WASHINGTON (AP) - A federal judge struck down the District of Columbia's ban on carrying guns outside of a person's home, concluding it violates Second Amendment rights.
LOS ANGELES (AP) - A satellite study of blue-whale movements shows the endangered creatures cluster for long periods in busy shipping lanes off the California coast, putting them at risk for collisions with large vessels.
NEW YORK (AP) - A man dressed as Spider-Man was arrested on charges he slugged a police officer who told him to stop harassing tourists in Times Square.
PHILADELPHIA (AP) - The hunt for two Philadelphia carjackers who rammed a stolen SUV into a family, killing three children, entered its third day Sunday as officials offered a $110,000 reward for information leading to their capture.
PHILADELPHIA (AP) - A man accused of fatally shooting his caseworker and grazing his psychiatrist at a suburban Philadelphia hospital complex before the doctor returned fire has been charged with murder.
HOUSTON (AP) - Scammers have been preying on the relatives of unaccompanied young migrants being held at two U.S. military bases by conning them into paying nonexistent fees to be reunited with their loved ones, officials said.
NEW YORK (AP) - When it comes to preventing the spread of germs, maybe the president is on to something with his fondness for fist bumps.
CHICAGO (AP) - A costly drug given mostly to premature babies is at the center of a clash between the manufacturer and the nation's leading pediatrician's group, which recommends scaling back use of the medicine.
WICHITA, Kan. (AP) - A 10-month-old Kansas girl died after being strapped for more than two hours inside a sweltering car, and police arrested a foster parent who said he'd forgotten about her until something on TV jogged his memory, an official said Friday.
MEDIA, Pa. (AP) - A psychiatrist's patient ranted about a gun ban at a suburban medical complex before opening fire there, killing his caseworker and grazing his psychiatrist before the doctor pulled out his own weapon and fired back, authorities said Friday.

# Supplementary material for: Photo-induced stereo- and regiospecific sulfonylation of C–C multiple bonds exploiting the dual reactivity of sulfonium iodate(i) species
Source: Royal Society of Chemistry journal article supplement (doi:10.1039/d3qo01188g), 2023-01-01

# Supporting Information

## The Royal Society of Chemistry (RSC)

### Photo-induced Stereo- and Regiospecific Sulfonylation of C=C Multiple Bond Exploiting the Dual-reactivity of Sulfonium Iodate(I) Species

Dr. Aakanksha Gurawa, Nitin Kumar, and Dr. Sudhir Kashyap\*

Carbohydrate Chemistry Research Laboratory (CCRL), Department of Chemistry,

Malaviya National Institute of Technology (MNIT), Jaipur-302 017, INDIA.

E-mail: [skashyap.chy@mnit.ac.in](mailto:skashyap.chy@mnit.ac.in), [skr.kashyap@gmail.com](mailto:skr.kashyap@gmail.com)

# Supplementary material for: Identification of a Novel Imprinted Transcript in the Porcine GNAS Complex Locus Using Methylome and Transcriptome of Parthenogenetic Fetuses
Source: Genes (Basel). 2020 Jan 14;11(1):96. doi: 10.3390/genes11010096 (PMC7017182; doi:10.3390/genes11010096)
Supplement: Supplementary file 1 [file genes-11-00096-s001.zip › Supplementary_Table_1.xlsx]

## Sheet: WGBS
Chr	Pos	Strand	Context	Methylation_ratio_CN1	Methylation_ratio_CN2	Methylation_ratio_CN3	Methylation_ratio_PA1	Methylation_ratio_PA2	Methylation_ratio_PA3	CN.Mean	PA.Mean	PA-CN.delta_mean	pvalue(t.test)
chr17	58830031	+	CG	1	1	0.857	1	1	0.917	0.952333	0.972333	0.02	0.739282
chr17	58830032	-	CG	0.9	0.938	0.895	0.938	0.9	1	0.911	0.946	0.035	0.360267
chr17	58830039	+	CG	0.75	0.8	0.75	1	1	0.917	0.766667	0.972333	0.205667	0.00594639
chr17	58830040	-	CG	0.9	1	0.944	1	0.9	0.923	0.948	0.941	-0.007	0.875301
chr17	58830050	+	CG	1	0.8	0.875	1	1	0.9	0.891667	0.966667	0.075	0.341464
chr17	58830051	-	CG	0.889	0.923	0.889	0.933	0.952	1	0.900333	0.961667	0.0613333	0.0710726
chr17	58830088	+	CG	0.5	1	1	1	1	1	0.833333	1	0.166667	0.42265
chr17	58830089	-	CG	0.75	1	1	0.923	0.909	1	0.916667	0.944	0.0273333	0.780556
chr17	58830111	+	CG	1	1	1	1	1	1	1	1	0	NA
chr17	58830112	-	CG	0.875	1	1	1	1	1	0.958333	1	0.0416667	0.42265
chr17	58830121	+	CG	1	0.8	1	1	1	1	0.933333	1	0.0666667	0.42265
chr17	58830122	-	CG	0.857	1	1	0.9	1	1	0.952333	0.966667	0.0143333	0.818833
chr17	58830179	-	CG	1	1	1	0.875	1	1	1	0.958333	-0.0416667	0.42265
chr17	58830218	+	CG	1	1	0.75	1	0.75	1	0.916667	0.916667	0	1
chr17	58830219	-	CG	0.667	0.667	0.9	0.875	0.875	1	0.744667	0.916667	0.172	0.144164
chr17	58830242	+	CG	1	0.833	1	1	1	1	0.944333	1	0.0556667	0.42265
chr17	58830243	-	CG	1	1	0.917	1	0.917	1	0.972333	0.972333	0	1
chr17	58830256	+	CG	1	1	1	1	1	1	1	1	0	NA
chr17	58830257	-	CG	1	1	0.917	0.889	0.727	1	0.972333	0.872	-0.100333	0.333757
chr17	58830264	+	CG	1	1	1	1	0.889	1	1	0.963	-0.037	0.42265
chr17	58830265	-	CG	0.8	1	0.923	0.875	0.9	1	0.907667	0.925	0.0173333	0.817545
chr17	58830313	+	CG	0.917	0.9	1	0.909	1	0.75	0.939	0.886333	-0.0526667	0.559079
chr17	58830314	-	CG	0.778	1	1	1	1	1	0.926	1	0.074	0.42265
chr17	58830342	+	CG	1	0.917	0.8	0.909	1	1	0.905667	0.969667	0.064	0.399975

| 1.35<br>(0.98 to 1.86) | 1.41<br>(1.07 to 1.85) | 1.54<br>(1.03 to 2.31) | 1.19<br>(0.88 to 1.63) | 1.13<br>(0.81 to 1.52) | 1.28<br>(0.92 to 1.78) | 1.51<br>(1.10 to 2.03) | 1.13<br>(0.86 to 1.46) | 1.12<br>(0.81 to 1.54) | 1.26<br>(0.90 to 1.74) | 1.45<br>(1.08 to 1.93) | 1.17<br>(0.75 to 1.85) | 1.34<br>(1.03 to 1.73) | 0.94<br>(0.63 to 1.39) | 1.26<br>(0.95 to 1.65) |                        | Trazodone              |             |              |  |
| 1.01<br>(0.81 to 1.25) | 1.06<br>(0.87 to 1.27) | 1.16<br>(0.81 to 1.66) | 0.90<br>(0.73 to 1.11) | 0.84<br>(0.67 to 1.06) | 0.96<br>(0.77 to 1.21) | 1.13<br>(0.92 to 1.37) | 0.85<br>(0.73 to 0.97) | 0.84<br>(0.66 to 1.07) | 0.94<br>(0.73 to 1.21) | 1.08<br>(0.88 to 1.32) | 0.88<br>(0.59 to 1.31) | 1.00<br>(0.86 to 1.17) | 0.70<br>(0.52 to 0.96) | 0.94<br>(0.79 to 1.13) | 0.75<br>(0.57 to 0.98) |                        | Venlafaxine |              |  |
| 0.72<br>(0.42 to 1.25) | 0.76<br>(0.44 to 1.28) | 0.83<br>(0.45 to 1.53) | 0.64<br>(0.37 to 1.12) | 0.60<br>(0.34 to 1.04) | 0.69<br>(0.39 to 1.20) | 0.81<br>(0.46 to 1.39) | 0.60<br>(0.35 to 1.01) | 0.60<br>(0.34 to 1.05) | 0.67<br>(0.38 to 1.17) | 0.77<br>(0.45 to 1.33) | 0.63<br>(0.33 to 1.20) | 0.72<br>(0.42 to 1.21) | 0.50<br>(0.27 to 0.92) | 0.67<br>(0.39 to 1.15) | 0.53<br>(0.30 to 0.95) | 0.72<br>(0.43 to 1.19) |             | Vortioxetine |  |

METAMORA TOWNSHIP, Mich. (AP) - The owner of two dogs that fatally mauled a man as he jogged along a rural Michigan road could be charged after the attack, which was the third since 2012 involving canines from the same property, officials said.
TALLAHASSEE, Fla. (AP) - A Florida law restricting what doctors can tell patients about gun ownership was deemed to be constitutional Friday by a federal appeals court, which said it legitimately regulates professional conduct and doesn't violate the doctors' First Amendment free speech rights.
TWISP, Wash. (AP) - About 300 homes - twice as many as previously estimated - have burned in the largest recorded wildfire in Washington state history, a county sheriff said Friday.
DENVER (AP) - Pot may be legal in some states - but the neighbors don't have to like it.
McCOMB, Miss. (AP) - Police say they have arrested a Mississippi couple found living with their two children and the children's grandmother in an overdue rental truck that had been reported stolen.
CHICAGO (AP) - President Barack Obama's health secretary announced proposed regulations Tuesday for Head Start that would expand the 50-year-old early-learning program to a full school day and a full school year to better prepare children for kindergarten.